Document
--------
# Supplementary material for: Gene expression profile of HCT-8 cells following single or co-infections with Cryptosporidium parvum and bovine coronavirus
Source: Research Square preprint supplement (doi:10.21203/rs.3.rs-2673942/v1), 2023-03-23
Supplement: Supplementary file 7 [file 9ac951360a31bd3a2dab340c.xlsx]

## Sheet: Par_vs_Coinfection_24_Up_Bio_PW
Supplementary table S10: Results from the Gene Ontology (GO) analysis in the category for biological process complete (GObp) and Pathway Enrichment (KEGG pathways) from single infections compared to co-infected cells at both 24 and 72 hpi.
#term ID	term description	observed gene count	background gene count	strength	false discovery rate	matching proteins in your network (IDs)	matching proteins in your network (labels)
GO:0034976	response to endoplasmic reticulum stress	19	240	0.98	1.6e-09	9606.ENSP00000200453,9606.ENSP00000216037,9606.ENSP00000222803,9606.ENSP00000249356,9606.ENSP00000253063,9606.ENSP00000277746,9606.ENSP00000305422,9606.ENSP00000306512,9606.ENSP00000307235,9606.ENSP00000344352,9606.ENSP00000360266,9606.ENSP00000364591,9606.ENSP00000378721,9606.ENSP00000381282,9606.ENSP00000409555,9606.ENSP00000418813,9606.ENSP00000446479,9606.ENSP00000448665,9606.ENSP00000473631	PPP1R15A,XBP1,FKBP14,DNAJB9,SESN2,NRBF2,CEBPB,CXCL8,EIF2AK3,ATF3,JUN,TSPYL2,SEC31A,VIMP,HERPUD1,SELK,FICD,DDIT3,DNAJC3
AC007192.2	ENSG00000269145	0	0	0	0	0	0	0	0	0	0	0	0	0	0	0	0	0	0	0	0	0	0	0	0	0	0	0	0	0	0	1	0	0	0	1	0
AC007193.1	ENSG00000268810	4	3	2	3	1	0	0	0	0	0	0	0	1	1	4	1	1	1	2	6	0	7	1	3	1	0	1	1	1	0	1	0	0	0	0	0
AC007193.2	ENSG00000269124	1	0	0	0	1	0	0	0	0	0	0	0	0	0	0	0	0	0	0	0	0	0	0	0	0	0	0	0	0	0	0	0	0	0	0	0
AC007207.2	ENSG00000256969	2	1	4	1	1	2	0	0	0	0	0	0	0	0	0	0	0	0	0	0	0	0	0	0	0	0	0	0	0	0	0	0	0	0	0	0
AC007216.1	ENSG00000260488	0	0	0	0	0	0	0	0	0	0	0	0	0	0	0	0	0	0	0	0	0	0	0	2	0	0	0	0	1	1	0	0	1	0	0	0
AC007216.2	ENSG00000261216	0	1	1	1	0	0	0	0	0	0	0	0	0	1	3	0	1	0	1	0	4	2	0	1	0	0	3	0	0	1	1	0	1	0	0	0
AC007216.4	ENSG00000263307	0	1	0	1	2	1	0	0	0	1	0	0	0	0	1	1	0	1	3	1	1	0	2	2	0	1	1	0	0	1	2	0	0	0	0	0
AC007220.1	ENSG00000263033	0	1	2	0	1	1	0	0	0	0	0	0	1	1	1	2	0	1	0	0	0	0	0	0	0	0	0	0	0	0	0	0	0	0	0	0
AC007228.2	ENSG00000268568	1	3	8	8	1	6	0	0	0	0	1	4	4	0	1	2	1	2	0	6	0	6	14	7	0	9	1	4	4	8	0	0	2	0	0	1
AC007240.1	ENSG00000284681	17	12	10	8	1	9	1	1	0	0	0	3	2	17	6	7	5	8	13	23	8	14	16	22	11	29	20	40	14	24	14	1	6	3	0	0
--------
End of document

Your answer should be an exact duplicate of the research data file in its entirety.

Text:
# Supplementary material for: Gene expression profile of HCT-8 cells following single or co-infections with Cryptosporidium parvum and bovine coronavirus
Source: Research Square preprint supplement (doi:10.21203/rs.3.rs-2673942/v1), 2023-03-23
Supplement: Supplementary file 7 [file 9ac951360a31bd3a2dab340c.xlsx]

## Sheet: Par_vs_Coinfection_24_Up_Bio_PW
Supplementary table S10: Results from the Gene Ontology (GO) analysis in the category for biological process complete (GObp) and Pathway Enrichment (KEGG pathways) from single infections compared to co-infected cells at both 24 and 72 hpi.
#term ID	term description	observed gene count	background gene count	strength	false discovery rate	matching proteins in your network (IDs)	matching proteins in your network (labels)
GO:0034976	response to endoplasmic reticulum stress	19	240	0.98	1.6e-09	9606.ENSP00000200453,9606.ENSP00000216037,9606.ENSP00000222803,9606.ENSP00000249356,9606.ENSP00000253063,9606.ENSP00000277746,9606.ENSP00000305422,9606.ENSP00000306512,9606.ENSP00000307235,9606.ENSP00000344352,9606.ENSP00000360266,9606.ENSP00000364591,9606.ENSP00000378721,9606.ENSP00000381282,9606.ENSP00000409555,9606.ENSP00000418813,9606.ENSP00000446479,9606.ENSP00000448665,9606.ENSP00000473631	PPP1R15A,XBP1,FKBP14,DNAJB9,SESN2,NRBF2,CEBPB,CXCL8,EIF2AK3,ATF3,JUN,TSPYL2,SEC31A,VIMP,HERPUD1,SELK,FICD,DDIT3,DNAJC3
AC007192.2	ENSG00000269145	0	0	0	0	0	0	0	0	0	0	0	0	0	0	0	0	0	0	0	0	0	0	0	0	0	0	0	0	0	0	1	0	0	0	1	0
AC007193.1	ENSG00000268810	4	3	2	3	1	0	0	0	0	0	0	0	1	1	4	1	1	1	2	6	0	7	1	3	1	0	1	1	1	0	1	0	0	0	0	0
AC007193.2	ENSG00000269124	1	0	0	0	1	0	0	0	0	0	0	0	0	0	0	0	0	0	0	0	0	0	0	0	0	0	0	0	0	0	0	0	0	0	0	0
AC007207.2	ENSG00000256969	2	1	4	1	1	2	0	0	0	0	0	0	0	0	0	0	0	0	0	0	0	0	0	0	0	0	0	0	0	0	0	0	0	0	0	0
AC007216.1	ENSG00000260488	0	0	0	0	0	0	0	0	0	0	0	0	0	0	0	0	0	0	0	0	0	0	0	2	0	0	0	0	1	1	0	0	1	0	0	0
AC007216.2	ENSG00000261216	0	1	1	1	0	0	0	0	0	0	0	0	0	1	3	0	1	0	1	0	4	2	0	1	0	0	3	0	0	1	1	0	1	0	0	0
AC007216.4	ENSG00000263307	0	1	0	1	2	1	0	0	0	1	0	0	0	0	1	1	0	1	3	1	1	0	2	2	0	1	1	0	0	1	2	0	0	0	0	0
AC007220.1	ENSG00000263033	0	1	2	0	1	1	0	0	0	0	0	0	1	1	1	2	0	1	0	0	0	0	0	0	0	0	0	0	0	0	0	0	0	0	0	0
AC007228.2	ENSG00000268568	1	3	8	8	1	6	0	0	0	0	1	4	4	0	1	2	1	2	0	6	0	6	14	7	0	9	1	4	4	8	0	0	2	0	0	1
AC007240.1	ENSG00000284681	17	12	10	8	1	9	1	1	0	0	0	3	2	17	6	7	5	8	13	23	8	14	16	22	11	29	20	40	14	24	14	1	6	3	0	0